Daily Trust: What made your first time in Nigeria a standout experience?
Kirsty Brimelow: I first came to Nigeria in 2010 and I came with the UK Charity; we were focusing on human rights abuses of children who were stigmatized as witches and this was particularly in Akwa-Ibom where children were being abused, dumped on the streets or even killed because of a belief system that they were witches. This is my 17th visit to Nigeria since then.
A positive story on my very first visit was an incident that happened when I was in a taxi and I was going to somewhere in Abuja. I had a bag with me, which contained my passports, telephones and other personal belongings. I was rushing for the meeting, got out and left my bag in the taxi.
And my first thought was that ‘it’s gone!’ You won’t recover it in London and I thought Nigeria with its reputation for dishonesty and corruption, that the bag was gone. But what happened was that I decided to telephone my phone that was in the bag and it kept ringing but there was no response. Eventually somebody picked the phone up and it was the taxi driver. It happened somebody else has gotten into the cab and saw my bag and handed it over to the taxi driver who also did not take or keep it to himself, answered the phone and brought the bag to me. It was a really nice story and that was my first experience of Nigeria. I know it might not be typical, but it remains with me.
DT: On your first visit, what were your findings on the stigmatization of children accused of witchcraft in Akwa-Ibom?
Brimelow: It was a really big issue and what happened and was developed from there is now engaged at the United Nations level and last year I was in Geneva as the overall moderator where we had lawyers and activists from around the world where we have issues of witchcraft stigmatization.
What we found out was that there was a number of self-styled pastors who were telling their members that evils that befell them were because their children are witches. So, what we found out was that a lot of those who believed their children were witches got the information from their pastors.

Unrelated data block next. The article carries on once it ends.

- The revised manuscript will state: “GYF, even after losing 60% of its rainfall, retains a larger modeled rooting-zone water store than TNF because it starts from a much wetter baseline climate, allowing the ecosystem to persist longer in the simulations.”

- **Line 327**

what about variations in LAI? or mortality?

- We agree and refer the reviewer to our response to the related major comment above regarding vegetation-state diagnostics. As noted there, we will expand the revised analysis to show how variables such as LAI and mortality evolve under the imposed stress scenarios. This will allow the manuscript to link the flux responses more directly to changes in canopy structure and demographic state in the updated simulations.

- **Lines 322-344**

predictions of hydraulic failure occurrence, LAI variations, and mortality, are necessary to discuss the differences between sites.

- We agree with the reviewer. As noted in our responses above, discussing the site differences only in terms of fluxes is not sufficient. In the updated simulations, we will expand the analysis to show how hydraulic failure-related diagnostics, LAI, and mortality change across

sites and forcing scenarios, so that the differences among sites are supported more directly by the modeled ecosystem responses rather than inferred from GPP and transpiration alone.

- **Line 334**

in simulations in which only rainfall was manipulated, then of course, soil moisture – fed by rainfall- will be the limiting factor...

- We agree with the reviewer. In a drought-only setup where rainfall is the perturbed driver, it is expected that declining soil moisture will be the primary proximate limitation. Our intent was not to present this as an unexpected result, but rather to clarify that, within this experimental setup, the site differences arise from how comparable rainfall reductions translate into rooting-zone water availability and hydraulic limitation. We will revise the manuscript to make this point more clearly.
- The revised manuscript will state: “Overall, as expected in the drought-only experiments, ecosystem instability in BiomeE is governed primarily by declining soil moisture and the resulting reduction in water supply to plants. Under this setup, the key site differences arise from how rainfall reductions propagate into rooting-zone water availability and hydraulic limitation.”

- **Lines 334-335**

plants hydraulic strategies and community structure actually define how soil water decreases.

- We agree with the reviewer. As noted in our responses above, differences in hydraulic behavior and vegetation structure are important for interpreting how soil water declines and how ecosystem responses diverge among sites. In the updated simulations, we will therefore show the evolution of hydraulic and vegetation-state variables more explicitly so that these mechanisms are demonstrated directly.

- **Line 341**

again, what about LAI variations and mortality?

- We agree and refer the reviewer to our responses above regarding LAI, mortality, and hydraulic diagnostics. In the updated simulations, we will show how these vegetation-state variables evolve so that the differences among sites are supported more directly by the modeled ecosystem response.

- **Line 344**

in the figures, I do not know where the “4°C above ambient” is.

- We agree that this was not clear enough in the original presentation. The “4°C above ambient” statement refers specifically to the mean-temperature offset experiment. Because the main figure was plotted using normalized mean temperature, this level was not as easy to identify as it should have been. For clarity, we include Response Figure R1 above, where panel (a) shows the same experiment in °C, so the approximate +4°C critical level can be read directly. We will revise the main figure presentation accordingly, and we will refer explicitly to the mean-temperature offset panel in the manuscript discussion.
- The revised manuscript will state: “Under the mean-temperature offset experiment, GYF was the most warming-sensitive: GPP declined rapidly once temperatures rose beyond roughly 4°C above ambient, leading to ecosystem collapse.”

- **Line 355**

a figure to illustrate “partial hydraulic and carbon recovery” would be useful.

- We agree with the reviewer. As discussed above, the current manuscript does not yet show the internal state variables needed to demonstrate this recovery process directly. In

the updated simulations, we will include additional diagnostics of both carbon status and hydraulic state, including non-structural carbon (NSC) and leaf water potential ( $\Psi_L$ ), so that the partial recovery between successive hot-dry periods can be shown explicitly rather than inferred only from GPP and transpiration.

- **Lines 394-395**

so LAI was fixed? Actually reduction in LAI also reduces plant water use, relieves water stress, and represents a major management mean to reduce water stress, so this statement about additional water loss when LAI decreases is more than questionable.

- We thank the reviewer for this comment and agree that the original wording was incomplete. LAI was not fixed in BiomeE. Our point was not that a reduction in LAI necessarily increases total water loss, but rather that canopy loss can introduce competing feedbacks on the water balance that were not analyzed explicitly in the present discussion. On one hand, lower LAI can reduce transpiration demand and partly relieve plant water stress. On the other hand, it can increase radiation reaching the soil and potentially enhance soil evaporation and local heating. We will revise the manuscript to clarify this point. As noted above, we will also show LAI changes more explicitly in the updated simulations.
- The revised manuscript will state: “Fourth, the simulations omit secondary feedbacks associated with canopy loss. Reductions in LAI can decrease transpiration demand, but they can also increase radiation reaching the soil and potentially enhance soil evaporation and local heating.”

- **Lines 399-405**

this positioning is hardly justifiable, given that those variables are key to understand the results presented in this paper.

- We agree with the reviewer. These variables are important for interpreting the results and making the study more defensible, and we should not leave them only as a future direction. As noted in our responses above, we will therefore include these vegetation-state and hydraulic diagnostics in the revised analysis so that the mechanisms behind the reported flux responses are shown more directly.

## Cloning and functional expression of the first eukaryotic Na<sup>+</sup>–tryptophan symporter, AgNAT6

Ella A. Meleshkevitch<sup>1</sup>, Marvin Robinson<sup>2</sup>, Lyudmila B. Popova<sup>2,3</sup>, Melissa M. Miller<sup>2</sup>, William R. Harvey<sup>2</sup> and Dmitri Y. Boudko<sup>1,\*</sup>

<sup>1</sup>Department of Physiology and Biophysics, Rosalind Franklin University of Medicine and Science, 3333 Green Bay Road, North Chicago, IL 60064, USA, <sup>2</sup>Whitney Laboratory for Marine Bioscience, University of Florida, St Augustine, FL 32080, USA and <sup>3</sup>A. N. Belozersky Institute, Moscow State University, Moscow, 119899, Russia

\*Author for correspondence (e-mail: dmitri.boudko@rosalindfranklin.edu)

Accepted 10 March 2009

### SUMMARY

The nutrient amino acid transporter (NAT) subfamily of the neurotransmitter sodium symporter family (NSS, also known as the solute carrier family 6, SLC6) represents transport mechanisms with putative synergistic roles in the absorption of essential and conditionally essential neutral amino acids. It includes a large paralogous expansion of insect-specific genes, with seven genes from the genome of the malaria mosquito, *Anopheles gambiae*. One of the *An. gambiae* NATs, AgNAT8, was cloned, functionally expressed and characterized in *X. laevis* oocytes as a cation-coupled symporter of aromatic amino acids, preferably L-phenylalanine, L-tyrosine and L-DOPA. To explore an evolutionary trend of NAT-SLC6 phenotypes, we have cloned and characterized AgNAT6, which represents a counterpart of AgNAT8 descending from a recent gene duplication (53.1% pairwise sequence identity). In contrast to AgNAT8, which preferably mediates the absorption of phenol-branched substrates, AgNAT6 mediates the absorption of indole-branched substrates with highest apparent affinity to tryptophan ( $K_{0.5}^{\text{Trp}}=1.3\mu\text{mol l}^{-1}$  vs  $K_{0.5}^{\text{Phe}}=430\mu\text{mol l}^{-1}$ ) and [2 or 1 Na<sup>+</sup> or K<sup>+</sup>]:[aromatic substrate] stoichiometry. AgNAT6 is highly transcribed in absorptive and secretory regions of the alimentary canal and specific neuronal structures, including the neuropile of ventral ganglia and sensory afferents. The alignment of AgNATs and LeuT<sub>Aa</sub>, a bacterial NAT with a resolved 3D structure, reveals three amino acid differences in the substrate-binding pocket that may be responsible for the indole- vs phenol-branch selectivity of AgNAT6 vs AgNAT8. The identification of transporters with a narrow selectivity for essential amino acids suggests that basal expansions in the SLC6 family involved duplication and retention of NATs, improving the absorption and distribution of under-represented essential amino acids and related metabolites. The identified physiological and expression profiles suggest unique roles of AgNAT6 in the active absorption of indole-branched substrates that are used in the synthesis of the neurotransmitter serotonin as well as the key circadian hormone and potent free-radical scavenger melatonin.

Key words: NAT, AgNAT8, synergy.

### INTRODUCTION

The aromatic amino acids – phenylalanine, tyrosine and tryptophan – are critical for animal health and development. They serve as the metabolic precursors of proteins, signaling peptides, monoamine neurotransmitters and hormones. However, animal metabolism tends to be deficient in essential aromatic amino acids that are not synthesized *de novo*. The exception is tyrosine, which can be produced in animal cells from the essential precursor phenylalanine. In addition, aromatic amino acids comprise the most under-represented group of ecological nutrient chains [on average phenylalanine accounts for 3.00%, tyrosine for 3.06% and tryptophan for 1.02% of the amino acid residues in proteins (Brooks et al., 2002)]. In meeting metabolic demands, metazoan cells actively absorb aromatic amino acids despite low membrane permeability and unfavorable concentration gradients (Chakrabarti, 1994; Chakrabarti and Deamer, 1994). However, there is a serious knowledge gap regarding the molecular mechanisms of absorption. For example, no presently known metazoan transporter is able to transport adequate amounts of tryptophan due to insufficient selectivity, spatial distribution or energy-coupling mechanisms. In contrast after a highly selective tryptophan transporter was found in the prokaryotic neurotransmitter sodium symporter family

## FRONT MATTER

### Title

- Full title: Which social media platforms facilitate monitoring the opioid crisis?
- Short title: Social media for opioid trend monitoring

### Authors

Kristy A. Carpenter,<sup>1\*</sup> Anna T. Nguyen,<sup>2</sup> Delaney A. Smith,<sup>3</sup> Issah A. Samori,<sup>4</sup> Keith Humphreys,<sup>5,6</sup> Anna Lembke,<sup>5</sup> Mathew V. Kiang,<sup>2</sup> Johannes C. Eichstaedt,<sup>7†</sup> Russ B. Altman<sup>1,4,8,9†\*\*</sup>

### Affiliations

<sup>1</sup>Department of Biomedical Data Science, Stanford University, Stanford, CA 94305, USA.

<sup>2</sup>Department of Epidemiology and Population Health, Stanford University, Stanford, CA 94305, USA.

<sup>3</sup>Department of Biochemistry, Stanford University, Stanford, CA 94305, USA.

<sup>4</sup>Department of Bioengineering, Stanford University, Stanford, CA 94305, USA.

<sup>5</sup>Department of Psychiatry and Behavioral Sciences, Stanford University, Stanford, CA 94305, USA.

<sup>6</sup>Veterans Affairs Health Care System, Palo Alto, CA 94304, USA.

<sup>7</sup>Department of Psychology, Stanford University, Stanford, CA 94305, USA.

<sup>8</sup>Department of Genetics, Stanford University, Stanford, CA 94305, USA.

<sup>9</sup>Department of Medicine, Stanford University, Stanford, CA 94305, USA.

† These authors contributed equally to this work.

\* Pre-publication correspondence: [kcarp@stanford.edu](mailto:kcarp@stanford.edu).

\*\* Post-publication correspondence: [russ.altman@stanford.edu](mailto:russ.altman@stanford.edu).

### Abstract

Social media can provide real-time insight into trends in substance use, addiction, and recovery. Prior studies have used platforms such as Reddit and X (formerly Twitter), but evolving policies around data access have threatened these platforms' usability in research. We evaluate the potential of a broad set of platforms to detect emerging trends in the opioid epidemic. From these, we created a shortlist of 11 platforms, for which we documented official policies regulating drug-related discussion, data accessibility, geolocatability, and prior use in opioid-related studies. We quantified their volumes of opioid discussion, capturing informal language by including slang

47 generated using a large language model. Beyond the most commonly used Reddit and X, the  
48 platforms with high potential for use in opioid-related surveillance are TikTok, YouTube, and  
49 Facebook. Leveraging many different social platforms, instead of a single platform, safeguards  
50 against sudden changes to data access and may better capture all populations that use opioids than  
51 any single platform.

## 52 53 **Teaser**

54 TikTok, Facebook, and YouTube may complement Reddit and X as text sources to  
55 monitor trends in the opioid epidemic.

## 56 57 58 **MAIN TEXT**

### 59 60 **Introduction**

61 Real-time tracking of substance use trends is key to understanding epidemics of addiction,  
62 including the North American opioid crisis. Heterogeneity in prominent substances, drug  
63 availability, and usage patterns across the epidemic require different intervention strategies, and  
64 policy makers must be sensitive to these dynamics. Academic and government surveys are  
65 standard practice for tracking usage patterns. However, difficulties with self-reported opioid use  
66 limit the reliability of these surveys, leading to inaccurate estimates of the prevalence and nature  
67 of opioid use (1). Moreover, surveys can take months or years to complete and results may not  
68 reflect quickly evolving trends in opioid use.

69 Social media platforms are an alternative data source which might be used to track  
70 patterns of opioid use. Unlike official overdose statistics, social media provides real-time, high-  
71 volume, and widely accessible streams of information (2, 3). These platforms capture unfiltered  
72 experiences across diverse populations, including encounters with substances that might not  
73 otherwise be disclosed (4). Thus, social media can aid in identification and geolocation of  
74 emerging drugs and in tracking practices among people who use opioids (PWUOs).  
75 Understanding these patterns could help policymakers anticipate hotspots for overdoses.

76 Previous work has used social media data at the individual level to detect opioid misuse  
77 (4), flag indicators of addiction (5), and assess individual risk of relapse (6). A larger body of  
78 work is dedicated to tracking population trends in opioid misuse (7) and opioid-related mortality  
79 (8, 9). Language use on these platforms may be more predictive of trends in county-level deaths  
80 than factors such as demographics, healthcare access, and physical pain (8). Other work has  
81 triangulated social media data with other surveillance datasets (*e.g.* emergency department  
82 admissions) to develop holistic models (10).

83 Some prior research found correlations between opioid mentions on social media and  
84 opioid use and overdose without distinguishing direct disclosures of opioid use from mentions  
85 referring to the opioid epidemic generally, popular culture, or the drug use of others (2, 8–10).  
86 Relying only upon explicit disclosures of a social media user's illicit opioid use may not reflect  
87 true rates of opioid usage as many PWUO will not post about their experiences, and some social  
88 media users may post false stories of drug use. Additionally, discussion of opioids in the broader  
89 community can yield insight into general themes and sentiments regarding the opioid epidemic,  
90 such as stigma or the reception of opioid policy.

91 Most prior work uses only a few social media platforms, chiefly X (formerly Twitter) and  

Also, Nollywood was not helping with some of the films it was producing where children were being portrayed as witches. So, there was the need to educate the people that their children were not witches. Some of these children were being killed by people who see the killing as the only way to rid their families of the curse.
The other thing we discovered which was interesting was that it wasn’t only the uneducated people who subscribe to this belief system. Even some people who are highly educated have this belief system, perhaps the difference was that the educated ones may not carry out the belief system in a violent way as is most probable with the uneducated groups.
It was a big issue in Akwa-Ibom and many children were unable to go back to their homes. So, there was the issue of finding them a place of safety to stay.
DT: How did you come about the Nigerian name “Ayo”?
Brimelow: That was a name given to me by the former Chief Judge of Lagos. We had been carrying out trainings at the National Judicial Institute for judges and magistrates in child rights. It was at the end of one of those trainings that I was given the name “Ayo”, so I have a Yoruba name which I am happy with.
DT: Do you know the meaning of the name?
Brimelow: It is Ayobowale in full, which means ‘Joy has come home’. (Laughs) I do tell people that I have a Nigerian name and I am very proud of it. But people are now saying that I need an Ibo name and a Hausa name; I don’t know how many names I am allowed to have (Laughs).
DT: What Nigerian culture or custom have you become so familiar with over time?
Brimelow: I love the music; the afro-beats because I love dancing and I do a lot of works in Columbia where I am also learning Salsa dance. So, I love the music and the rhythm. I also like the food, I like spicy foods. I like bitter leaf soup and moi-moi. I always make sure I get some moi-moi and bitter leaf soup whenever I get the opportunity.
Culturally, I love the arts. I have so many beautiful paintings which I got from Nigeria that I have hung up in my home.
DT: What major memory do you always take back home?
Brimelow: My major memory is the warmth, kindness and hospitality of the people. I have always been extremely welcomed. I have also met a lot of people living in really harsh conditions but they are so kind and generous, and they keep a good sense of humour as well, which I love.
There is this impression of Nigerians as corrupt and untrustworthy, but that has not been my experience of people here. The impression is quite unfair; I’ll encourage people to visit Nigeria, it’s a great country.